William Buck’s dedicated technology specialists have summarised the key items for Victorian Technology businesses in this year’s Federal budget.
Given the 2021-22 Federal Budget was being announced just seven months after the 2020-21 Budget, and many of the 2021 Budget items were only just being implemented, it was always going to be interesting seeing how the Government would expand on its Economic Recovery Plan, and how this would support Australia’s technology industry.
In contrast to those industries that were specifically singled out in the Budget (namely, Health and Aged Care, Infrastructure, Agriculture, Aviation and Tourism), there was no single package of measures announced to support technology industry businesses. However, there were a couple of small surprises on Budget night that will benefit the industry.
The lack of direct support for the startup technology Industry is a missed opportunity, especially to leverage the higher investor confidence we’ve seen in the market since earlier this year. Support for startup accelerator programs or better communication of the Early Stage Innovation Company Investor tax concessions would have been timely.
Below, we’ve set out the new measures, together with a refresh of existing measures from last year’s Budget that support Victoria’s technology industry businesses.
The new measures
Patent Box tax concession:
This is a new income tax incentive which will be designed to apply to companies:
a. With Australian medical and biotech patents which were applied for after 7.30pm on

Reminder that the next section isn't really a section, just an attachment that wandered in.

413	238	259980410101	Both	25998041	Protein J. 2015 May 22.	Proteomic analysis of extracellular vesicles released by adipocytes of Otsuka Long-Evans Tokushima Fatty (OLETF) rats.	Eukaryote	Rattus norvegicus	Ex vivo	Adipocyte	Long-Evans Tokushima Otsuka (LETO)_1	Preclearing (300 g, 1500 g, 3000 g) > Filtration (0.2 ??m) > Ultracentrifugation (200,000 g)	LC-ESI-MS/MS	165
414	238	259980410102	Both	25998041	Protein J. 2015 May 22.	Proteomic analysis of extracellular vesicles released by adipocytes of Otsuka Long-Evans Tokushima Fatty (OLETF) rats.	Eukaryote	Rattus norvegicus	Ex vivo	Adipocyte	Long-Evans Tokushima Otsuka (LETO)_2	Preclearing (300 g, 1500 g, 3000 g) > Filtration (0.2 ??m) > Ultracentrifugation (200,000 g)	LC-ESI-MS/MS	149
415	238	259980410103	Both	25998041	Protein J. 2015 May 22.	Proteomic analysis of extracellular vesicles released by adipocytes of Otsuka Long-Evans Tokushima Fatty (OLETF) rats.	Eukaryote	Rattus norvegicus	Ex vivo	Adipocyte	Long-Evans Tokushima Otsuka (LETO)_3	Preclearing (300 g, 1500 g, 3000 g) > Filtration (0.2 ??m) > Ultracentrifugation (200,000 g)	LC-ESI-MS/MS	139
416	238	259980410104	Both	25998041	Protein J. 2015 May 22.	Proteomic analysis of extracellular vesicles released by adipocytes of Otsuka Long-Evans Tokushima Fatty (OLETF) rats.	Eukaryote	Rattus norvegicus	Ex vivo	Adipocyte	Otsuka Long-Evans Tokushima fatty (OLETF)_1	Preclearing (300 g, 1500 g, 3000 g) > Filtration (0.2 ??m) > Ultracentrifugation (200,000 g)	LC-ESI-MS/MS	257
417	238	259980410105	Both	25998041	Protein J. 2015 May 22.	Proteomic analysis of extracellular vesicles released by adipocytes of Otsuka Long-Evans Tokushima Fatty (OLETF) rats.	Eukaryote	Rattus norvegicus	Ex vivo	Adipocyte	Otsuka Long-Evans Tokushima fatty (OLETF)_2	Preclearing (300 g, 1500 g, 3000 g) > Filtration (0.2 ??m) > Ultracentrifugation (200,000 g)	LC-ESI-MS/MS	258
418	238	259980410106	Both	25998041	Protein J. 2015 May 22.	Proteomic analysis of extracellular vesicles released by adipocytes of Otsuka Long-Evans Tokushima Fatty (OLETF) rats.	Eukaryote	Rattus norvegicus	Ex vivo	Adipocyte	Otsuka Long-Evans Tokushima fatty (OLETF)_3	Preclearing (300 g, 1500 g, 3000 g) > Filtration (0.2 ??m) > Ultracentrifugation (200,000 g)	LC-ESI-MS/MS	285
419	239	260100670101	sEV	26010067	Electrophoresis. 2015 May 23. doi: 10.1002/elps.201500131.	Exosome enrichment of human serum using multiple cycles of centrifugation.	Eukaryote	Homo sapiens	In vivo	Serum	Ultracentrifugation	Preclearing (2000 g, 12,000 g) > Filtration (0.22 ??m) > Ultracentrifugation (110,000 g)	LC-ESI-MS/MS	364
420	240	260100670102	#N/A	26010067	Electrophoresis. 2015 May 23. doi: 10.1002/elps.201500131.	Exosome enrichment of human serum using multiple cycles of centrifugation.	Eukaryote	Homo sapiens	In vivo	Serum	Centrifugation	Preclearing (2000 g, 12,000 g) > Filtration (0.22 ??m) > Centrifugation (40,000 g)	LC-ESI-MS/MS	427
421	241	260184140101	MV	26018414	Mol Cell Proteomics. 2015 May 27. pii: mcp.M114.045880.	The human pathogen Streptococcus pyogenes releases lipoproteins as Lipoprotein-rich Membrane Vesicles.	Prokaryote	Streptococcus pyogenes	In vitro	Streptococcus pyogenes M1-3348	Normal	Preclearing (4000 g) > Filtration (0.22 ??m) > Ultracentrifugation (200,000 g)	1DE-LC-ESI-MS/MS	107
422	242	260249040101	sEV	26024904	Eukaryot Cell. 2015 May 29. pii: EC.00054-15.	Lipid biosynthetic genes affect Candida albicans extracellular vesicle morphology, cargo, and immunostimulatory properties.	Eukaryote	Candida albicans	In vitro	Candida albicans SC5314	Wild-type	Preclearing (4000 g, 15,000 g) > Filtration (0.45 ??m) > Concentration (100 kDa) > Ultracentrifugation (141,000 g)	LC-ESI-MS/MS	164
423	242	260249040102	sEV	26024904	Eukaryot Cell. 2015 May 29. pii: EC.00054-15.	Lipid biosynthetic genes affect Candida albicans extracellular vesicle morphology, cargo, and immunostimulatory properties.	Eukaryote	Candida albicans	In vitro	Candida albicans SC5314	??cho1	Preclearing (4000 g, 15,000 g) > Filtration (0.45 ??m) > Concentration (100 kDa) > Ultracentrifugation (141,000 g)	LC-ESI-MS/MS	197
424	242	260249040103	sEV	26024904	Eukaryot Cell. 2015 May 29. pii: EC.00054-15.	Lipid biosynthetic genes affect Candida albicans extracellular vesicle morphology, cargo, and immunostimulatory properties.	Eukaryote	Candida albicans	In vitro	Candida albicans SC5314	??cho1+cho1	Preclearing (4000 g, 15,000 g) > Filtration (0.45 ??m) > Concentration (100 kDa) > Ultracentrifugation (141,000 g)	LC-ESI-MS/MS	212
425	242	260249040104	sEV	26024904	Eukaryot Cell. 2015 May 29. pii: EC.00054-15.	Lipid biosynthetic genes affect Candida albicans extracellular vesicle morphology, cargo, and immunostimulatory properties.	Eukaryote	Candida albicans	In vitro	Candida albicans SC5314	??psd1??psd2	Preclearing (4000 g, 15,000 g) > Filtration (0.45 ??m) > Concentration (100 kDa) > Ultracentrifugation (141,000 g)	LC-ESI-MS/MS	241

11 May 2021, and
b. To income generated by those Australian patents from 1 July 2022.
Corporate income generated from the exploitation of these Australian patents will be taxed at 17%, rather than the 30% (large business) or 25% (small/medium business) corporate tax rates.
The government is also considering expanding this tax concession to Clean Energy technology.
We think this is a great measure and would love to see it expanded to other types of technology.
It will also be interesting to see how the design of this incentive considers global tax competition and the shift towards a system of standard global tax rates. Existing Patent Box concessions in other countries should provide some insight on the design features.
Minor changes to Employee Share Scheme (ESS) rules were announced to:
a. Remove the ‘cessation of employment’ tax trigger for ‘tax deferred’ schemes (from the first year after date of Royal Assent). To put this change into perspective, under the current ESS rules, employees are taxed on their equity entitlements when they change jobs, regardless of whether the employee has enough cash to pay the tax or the relevant equity entitlements can be sold. In effect, this taxing point can act as a penalty to leaving employment regardless of whether the employee is a ‘good leaver’ or ‘bad leaver’. Removing this ‘cessation of employment’ taxing point effectively puts the disincentive for leaving employment solely into an agreement between the employer and employee.
b. Remove and streamline regulatory requirements for plans based on whether the plan does or does not include a ‘loan funding’ or ‘employer charge’ component. This announcement is very low on detail and only talks about simplifying disclosure and other regulatory requirements. In our opinion, the Government should be looking at ‘switching off’ the punitive Division 7A, FBT and share buy-back rules which apply to private businesses which offer loan funded plans. Whether or not the Government will go this far is to be seen.
Further, the majority of the tax rules surrounding employee equity plans are still extremely complex, creating several unintended tax outcomes and uncertainty for private businesses and their employees. It would be great to see the Government recognise this and iron out the remaining issues.
Digital Business Plan
Last year’s Budget proposed a Digital Business Plan with $796.5 million to be allocated to various programs over four years. Under the 2022 Budget, the Digital Business Plan programs have been extended and funding for this package has increased to $1.2 billion over six years.
Highlights of the package include: